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Synology DS415+ NAS Review

by Lyle Smith

The DS415+ is the updated mainline SOHO 4-bay from Synology that is designed for small and medium-sized businesses. It provides accelerated hardware encryption, plenty of storage capacity, and great performance. The DS415+ is equipped with enough juice to make it ideal for intensive tasks, which in turn allows the NAS to protect data without sacrificing too much performance.

The DS415+ is the updated mainline SOHO 4-bay from Synology that is designed for small and medium-sized businesses. It provides accelerated hardware encryption, plenty of storage capacity, and great performance. The DS415+ is equipped with enough juice to make it ideal for intensive tasks, which in turn allows the NAS to protect data without sacrificing too much performance.

The DS415+ is the direct successor to the DS412+, and though they look identical from a design perspective, Synology has updated the DS415+ with a few pretty significant hardware changes including doubling the RAM of its predecessor to 2GB DDR3. Most important is the upgrade to a Quad Core 2.4GHz processor, which is a pretty big step up from the DS412+’s Dual Core CPU, and it allows Synology to quote the DS415+ at average reading and writing speeds of 228MB/s and 233MB/s, respectively. This clearly improves upon the DS412+’s average of 158.33MB/s for write speeds and 230.8MB/s for read (under a RAID5 configuration in a Windows environment). In addition, encrypted file transfers have the ability to retain an impressive level of performance with 232MB/s for reads and 206MB/s for writes.

Also equipped are two Ethernet ports that feature failover and Link Aggregation functionality. This allows the NAS to have continual network uptime in the event of a LAN connection malfunction. This is definitely a welcomed feature for businesses, as it reduces the chance of costly service disruption. In addition, Link Aggregation improves connection speeds past the limits of a single network cable or port.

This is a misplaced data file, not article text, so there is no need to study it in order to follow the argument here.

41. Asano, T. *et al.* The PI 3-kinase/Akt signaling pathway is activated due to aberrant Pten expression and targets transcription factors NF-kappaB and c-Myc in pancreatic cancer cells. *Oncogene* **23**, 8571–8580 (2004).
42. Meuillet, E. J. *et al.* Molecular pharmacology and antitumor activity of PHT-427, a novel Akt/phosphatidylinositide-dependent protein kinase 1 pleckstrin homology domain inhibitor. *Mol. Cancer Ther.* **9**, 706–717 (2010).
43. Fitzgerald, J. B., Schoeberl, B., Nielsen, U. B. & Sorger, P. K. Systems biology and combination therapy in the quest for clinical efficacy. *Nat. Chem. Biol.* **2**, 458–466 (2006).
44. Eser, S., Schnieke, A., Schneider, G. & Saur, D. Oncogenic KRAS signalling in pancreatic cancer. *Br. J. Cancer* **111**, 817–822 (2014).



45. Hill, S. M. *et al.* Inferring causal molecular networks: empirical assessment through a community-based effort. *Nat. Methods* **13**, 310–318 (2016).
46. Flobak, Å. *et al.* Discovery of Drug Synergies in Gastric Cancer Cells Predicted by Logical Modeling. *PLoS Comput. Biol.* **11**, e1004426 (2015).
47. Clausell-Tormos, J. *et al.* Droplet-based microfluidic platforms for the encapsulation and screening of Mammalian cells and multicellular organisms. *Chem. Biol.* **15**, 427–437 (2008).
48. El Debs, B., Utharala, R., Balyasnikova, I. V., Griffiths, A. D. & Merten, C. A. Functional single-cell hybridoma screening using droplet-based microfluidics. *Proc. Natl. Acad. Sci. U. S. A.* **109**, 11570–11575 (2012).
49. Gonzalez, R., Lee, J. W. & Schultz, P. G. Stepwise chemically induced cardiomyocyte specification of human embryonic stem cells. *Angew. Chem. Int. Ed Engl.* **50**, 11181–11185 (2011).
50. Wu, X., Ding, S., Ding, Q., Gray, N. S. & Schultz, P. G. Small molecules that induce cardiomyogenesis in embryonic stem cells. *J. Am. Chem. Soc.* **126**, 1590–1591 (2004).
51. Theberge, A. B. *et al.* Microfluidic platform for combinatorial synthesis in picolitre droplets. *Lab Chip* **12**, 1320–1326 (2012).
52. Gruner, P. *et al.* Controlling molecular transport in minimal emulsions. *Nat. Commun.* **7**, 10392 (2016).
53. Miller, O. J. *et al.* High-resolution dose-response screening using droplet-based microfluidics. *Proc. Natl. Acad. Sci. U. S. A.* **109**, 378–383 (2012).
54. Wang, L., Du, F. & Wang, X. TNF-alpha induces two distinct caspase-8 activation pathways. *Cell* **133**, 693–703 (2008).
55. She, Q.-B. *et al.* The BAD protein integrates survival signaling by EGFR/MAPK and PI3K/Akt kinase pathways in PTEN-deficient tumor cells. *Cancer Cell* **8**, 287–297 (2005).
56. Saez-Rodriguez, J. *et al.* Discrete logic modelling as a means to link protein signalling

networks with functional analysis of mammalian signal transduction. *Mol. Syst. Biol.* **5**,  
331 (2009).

Synology’s DS415+ is a pretty secure NAS device as well. It comes with share-level AES 256-bit encryption to prevent unauthorized access attempts as well as the ability to create and encrypt shared folders. Those without the encryption key will not be able to access the encrypted data even if they removed the hard drives and mount them on their own device. The 2-Step verification process, which sends a one-time 6-digit code to a user’s mobile device in order to login, adds further protection to the DS415+. In addition, features such as IP block & allow list, antivirus packages, firewall, and DoS attack prevention help to ensure a secure DSM environment.

The DS415+ comes with a 2-year warranty and ships as a diskless model for approximately $630.00. We have populated our review device with both WD Red 6TB and Seagate NAS 4TB HDDs, tested in RAID1 in both CIFS and iSCSI configurations.

Synology DS415+ Specifications

  • CPU Model: Intel Atom
  • CPU Frequency: Quad Core 2.4GHz
  • Floating Point
  • Hardware Encryption Engine
  • System Memory: 2GB DDR3
  • Drive Bays: 4
  • Compatible Drive Type:
    • 3.5″ SATA(III)/SATA(II) HDD
    • 2.5″ SATA(III)/SATA(II) HDD
    • 2.5″ SATA(III)/SATA(II) SSD
  • Max. Internal Capacity: 24TB (6TB HDD x4) (Capacity may vary by RAID types) (See All Supported HDD)
  • Hot Swappable Drive
  • External Ports:
    • USB 2.0 Port: 1
    • USB 3.0 Port: 2
    • eSATA Port: 1
  • File System
    • Internal Drives: EXT4
    • External Drives
      • EXT4
      • EXT3
      • FAT